restricted access Who Do We Think We Are?: Race and Nation in the Modern World (review)
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Journal of World History 13.1 (2002) 216-218



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Book Review

Who Do We Think We Are?:
Race and Nation in the Modern World


Who Do We Think We Are?: Race and Nation in the Modern World. By PHILIP YALE NICHOLSON. Armonk, NY: M. E. Sharpe, 1999 . Pp. 248 . $34 .95 (cloth).

Those who teach, study, read, and write on the fascinating subject of world history are afforded a number of remarkable opportunities to view the human condition from a global perspective as well as being confronted by several difficult challenges. Among the latter is the issue of how to address a seemingly overwhelming amount of information about so many diverse peoples, places, and times, and yet do so in a meaningful and thoughtful way. Nicholson's book, Who Do We Think We Are?, offers a stimulating and imaginative solution to this challenge by suggesting that we focus upon two major and powerful themes that have shaped the modern world: race and nation.

Ranging broadly through historical experience and geographical [End Page 216] scope, Nicholson argues that concepts of race and nation were born and raised together, inseparably linked and interdependent like the two strands of a double helix, and are necessary to understand the history of the world. He begins in time with early human societies in Asia, Africa, and Europe as they searched for premodern formations of authority and cultural identity, trying to determine who they were. Here he contends that there were no nations and no conceptions of race. This changed, he believes, with the emergence of modern nation-states and the emerging concept of race as Europeans defined their national borders and themselves as distinct from one another. War and coercion enhanced these differences, as did economic expansion and expropriation, and the resulting national and racial laws within the global-reaching empires of the Spanish, Portuguese, British, French, and Dutch separated conqueror from the conquered even more. These developments and the legitimacy of nation and race escalated further during the nineteenth and especially the twentieth centuries to the point of extremes. Clear and often explicit examples are provided with the emergence of "scientific racism," Manifest Destiny, segregation within the United States, two world wars, the Holocaust, apartheid in South Africa, the Cold War between the Americans and the Soviets, and the fate of Palestinians within the nation-state of Israel.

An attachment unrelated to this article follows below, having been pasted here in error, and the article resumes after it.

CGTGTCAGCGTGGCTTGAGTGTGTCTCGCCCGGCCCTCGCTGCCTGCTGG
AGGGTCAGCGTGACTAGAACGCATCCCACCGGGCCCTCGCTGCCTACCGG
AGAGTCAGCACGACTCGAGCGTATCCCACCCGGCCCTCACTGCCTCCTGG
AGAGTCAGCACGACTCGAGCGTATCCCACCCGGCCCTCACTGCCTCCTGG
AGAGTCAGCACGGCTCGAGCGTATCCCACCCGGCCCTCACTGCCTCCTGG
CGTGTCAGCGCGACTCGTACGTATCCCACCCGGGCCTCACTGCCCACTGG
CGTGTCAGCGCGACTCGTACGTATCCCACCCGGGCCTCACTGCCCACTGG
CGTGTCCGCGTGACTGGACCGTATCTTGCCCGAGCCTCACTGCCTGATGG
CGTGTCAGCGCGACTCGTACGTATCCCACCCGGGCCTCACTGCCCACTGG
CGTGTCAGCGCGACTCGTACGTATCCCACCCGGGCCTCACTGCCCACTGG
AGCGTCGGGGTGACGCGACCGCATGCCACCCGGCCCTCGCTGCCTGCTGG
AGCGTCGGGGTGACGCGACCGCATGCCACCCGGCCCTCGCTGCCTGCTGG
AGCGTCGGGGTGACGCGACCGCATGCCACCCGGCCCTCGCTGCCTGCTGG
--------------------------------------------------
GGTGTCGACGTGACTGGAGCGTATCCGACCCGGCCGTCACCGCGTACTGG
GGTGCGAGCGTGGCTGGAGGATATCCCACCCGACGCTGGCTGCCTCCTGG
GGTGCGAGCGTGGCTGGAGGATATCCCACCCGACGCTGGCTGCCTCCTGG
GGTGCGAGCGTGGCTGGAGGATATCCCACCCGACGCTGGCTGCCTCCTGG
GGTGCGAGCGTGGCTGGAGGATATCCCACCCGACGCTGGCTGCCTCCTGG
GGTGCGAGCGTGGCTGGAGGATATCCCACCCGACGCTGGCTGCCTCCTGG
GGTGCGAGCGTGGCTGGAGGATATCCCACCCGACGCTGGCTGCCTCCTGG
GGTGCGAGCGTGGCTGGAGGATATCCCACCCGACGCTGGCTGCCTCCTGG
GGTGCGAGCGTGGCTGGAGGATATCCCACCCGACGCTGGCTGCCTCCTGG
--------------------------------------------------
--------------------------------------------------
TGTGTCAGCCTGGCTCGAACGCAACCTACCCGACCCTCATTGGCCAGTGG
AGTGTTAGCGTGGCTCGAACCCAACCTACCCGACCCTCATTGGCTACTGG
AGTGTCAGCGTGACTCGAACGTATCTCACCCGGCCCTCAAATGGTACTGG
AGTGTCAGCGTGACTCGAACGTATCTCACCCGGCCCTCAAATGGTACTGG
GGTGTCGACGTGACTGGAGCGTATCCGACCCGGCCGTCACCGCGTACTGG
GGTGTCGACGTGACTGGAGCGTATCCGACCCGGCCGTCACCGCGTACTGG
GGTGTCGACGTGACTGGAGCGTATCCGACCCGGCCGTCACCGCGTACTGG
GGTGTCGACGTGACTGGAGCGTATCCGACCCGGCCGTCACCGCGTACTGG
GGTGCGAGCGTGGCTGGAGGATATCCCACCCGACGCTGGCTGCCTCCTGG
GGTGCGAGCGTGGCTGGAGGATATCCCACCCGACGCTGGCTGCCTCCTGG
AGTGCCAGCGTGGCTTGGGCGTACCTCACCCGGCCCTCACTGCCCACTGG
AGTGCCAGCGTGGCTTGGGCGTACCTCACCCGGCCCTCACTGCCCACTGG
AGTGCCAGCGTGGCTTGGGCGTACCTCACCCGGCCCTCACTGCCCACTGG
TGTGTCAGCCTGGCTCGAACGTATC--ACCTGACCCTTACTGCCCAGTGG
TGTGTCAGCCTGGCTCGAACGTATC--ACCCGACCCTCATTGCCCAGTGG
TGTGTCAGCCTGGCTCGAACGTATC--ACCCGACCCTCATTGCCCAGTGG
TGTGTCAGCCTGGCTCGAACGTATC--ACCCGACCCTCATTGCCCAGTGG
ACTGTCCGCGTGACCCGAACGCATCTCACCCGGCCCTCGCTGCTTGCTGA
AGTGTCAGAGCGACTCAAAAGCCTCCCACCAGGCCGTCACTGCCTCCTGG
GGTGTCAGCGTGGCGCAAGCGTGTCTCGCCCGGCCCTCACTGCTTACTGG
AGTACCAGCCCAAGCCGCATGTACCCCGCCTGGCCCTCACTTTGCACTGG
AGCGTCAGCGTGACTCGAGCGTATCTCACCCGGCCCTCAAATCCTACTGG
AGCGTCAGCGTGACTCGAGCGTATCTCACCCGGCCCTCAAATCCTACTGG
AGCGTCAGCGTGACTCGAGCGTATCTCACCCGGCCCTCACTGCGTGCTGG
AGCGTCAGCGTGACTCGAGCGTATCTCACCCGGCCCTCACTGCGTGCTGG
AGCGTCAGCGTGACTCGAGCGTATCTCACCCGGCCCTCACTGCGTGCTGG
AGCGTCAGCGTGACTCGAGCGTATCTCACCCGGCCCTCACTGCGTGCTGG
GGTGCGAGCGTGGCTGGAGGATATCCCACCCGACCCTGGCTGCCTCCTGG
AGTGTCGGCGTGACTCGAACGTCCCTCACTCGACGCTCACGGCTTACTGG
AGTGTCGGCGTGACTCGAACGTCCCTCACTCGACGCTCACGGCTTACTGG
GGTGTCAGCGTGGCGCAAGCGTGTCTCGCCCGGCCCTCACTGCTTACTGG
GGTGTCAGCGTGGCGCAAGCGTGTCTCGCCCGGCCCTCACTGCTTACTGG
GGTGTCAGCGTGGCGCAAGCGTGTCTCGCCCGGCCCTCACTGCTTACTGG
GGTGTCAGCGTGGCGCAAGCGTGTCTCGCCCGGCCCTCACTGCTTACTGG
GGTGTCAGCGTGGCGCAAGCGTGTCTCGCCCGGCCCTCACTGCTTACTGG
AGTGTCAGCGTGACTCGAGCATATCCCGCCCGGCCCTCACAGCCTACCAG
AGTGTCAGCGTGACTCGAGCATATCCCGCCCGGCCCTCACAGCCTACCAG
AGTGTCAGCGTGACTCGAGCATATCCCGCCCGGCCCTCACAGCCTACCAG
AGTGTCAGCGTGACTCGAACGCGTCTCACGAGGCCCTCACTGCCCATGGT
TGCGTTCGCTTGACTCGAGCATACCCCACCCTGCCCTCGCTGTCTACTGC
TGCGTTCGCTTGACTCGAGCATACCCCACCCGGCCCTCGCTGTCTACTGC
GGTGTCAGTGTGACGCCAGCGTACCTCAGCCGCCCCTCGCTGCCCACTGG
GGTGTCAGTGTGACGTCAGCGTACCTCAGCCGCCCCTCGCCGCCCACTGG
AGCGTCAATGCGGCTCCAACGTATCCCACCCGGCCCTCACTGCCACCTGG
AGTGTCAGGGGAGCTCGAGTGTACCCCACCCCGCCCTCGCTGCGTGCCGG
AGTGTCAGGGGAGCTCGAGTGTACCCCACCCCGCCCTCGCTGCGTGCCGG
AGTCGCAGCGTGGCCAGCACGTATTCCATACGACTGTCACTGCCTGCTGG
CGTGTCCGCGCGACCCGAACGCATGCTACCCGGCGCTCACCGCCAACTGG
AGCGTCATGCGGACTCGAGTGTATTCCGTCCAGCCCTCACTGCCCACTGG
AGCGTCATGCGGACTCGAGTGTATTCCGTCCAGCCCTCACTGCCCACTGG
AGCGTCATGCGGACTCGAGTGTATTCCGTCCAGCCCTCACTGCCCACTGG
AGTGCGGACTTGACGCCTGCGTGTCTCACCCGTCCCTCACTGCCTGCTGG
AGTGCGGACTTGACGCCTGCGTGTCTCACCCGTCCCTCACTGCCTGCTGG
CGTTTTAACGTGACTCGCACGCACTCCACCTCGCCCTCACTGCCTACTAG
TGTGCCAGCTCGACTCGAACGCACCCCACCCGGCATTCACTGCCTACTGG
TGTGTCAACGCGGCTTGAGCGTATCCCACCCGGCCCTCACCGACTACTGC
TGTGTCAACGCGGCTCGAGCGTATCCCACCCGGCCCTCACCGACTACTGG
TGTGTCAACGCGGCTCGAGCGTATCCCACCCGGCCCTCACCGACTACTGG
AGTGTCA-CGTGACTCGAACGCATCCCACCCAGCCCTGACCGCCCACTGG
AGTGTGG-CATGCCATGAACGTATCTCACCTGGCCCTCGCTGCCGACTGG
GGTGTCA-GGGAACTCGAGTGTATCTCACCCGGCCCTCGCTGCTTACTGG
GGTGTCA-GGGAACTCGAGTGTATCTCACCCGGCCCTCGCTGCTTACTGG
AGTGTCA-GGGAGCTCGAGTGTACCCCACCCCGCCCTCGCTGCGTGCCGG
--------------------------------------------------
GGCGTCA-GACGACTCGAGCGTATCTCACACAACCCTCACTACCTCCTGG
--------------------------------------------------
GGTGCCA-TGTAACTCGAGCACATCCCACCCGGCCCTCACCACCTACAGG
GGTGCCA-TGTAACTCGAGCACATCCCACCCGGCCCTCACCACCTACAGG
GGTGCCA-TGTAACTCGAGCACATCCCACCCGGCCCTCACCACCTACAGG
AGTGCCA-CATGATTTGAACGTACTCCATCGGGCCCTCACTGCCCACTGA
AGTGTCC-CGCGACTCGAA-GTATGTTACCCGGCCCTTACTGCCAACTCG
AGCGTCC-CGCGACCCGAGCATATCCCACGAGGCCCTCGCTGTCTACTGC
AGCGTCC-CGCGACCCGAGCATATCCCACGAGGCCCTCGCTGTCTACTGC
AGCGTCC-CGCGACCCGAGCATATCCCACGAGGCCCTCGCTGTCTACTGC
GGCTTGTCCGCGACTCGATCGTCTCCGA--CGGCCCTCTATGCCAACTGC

Within this chronological framework that covers most of the world as a whole, Nicholson makes his greatest contribution by rising above mere description and boldly weaving an analysis based upon secondary works of how the concepts of nation and race have been intertwined with some of the most significant issues and forces in all of human history. These include religion, racism, slavery, nationalism, imperialism, mercantilism and capitalism, liberty, science and technology, warfare and the use of force in coercion, law, decolonization, and modern globalism. He argues, for example, that racism has been used by national governments to legitimize both external and internal wars of conquest, confiscation, and expropriation. This, in turn, begins a process of vilification of the victims that easily leads to prejudice, discrimination, and segregation, and sometimes to slavery and even genocide, all the while enhancing the power of the nation and its patriotism as well as the strength of racism as a category to define and divide human beings from each other.

The last chapter ventures beyond history, discussing current developments and speculating about the future. Here, Nicholson maintains that race and nation remain enigmatic and analytically underserved, but at the end of five hundred years as functional and interrelated mythologies, are powerful forces in the ordinary political life and cultural [End Page 217] identity of the nation and the world. To support his contention, he uses contemporary examples ranging from the United States, Israel, and China to the former Soviet Union and Yugoslavia, Rwanda, and Burundi, observing that racists invariably identify themselves as the truest patriots.

His broad strokes of historical examples, expansive geographical scope, explicit identification of powerful issues and forces, opinions about the...


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